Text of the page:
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Classical Music World: Notes From Cliburn 5

on June 5, 2017 - 10:34am

South Korean Yekwan Sunwoo impressed with a beautiful performance of Prokofiev’s Sonata No. 6 in the Cliburn semi-final round. Courtesy photo

Canadian Tony Yike Yang, 18, is the youngest Cliburn competitor. Courtesy photo

Italian competitor Leonardo Pierdomenico acknowledges a standing ovation after his performance with the Fort Worth Symphony under the direction of Nicholas McGehan. Courtesy photo

 
By ANN MCLAUGHLIN
LACA Artistic Director

The audience during the Cliburn Competition has been admirably silent. We have all been made repeatedly aware that the performances are being recorded so each of the competitors will have a beautifully produced CD of their performances to use as a marketing tool. Imagine my panic when I felt the ominous beginnings of a throat tickle that I knew would soon erupt into a full-blown coughing fit. Fortunately, my seat is on the aisle and close to an exit so I fled.

Of course, the ushers would not readmit me to the hall but I knew that the web cast of the competition was being screened free of charge across the street in the Van Cliburn Recital Hall. I got there just as South Korean Yekwon Sunwoo was launching into a splendid performance of Prokofiev’s 6th Sonata. There were about 30 people watching on a huge screen including a couple of families with small children.

How wonderful that I didn’t have to pace around in the lobby! Sunwoo’s recital performance particularly of the Prokofiev, definitely puts him on my list of possible finalists. It was clean, thoughtful and technically brilliant.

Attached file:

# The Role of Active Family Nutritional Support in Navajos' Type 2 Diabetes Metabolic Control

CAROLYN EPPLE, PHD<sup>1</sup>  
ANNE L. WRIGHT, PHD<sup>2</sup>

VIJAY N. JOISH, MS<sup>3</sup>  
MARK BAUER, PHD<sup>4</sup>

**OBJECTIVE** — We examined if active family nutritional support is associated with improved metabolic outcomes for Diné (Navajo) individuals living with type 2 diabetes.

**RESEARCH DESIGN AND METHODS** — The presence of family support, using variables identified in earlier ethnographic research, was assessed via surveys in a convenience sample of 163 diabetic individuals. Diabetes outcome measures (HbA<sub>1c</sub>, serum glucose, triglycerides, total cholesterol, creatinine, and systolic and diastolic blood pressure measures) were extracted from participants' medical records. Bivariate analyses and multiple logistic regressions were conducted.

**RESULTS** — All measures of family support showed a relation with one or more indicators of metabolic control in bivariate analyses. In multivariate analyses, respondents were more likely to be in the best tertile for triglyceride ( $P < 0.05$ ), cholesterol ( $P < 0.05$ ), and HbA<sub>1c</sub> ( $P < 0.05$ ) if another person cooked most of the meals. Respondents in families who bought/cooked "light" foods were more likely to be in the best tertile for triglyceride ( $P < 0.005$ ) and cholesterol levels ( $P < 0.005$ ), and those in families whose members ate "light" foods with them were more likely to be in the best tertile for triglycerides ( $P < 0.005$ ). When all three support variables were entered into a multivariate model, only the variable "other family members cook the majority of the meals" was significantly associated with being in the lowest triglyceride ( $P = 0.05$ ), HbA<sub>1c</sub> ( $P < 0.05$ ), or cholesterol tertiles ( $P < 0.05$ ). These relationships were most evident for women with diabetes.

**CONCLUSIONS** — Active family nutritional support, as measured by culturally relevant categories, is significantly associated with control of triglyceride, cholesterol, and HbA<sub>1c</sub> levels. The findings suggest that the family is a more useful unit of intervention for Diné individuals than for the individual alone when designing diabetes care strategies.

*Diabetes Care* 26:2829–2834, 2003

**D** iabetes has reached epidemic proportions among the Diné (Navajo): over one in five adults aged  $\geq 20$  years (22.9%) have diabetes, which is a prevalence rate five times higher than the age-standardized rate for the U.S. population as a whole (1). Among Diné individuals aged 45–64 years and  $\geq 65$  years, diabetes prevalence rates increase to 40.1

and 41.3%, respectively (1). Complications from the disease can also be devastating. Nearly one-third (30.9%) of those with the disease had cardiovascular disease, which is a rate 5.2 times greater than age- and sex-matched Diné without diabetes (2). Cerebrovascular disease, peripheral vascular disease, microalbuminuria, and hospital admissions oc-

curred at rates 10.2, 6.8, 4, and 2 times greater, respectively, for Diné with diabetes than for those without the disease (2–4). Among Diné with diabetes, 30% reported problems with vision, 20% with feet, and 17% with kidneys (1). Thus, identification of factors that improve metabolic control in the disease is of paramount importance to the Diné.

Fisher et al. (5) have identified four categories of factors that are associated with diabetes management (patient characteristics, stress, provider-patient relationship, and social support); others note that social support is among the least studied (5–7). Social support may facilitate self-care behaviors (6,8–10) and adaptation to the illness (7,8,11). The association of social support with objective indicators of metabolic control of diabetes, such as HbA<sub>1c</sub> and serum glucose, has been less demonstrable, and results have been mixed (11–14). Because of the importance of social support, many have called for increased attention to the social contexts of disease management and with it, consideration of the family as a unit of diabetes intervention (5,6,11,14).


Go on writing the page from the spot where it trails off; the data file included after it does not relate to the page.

This could not be said of the competitor who preceded him. Tony Yike Yang of Canada is, at 18, the youngest competitor and should have waited a few years before attempting the Cliburn. He has yet to understand that music isn’t just a sequence of sonic effects and that faster and louder are not always better. Yang has formidable technical skills. I hope that some teacher will help him expunge a number of habits that interfere with turning all those notes on the page into real music.

We still have four competitors to hear in their 60-minute recitals, but the concerto portion of this semi-final round began last night. Two pianists in this part of the round were new to us and two we knew from their earlier recitals.

An entire evening of Mozart felt cleansing after eight hours of “competition music”, music chosen by the competitors to demonstrate their technical chops. The Fort Worth Symphony under Nicholas McGegan accompanied each of the four competitors in a Mozart concerto chosen from an approved list of eight.

First up was Italian Leonardo Pierdomenico who won my heart (and kept it) with a stylistically flawless and moving account of Concerto No.20. His quiet, unassuming demeanor (and excellent posture!) at the keyboard was a blessed relief after hours of watching pianists hunched and sweating during their labors. I look forward to hearing his recital on the last day of this round.

The other three competitors also played admirably, but if I had to rank them I’d give second place to American Daniel Hsu (Concerto No. 21) with South Korean Dasol Kim (Concerto No. 20 again) close behind. American Kenneth Broberg played well but the concerto he chose (No. 25) may have put him at a slight disadvantage being much less familiar. He did evoke a little chuckle from the audience with a clever little quote from The Magic Flute during a cadenza, Papageno’s “Ein Mӓdchen oder Weibchen.” It is the sort of thing Mozart himself would have done.


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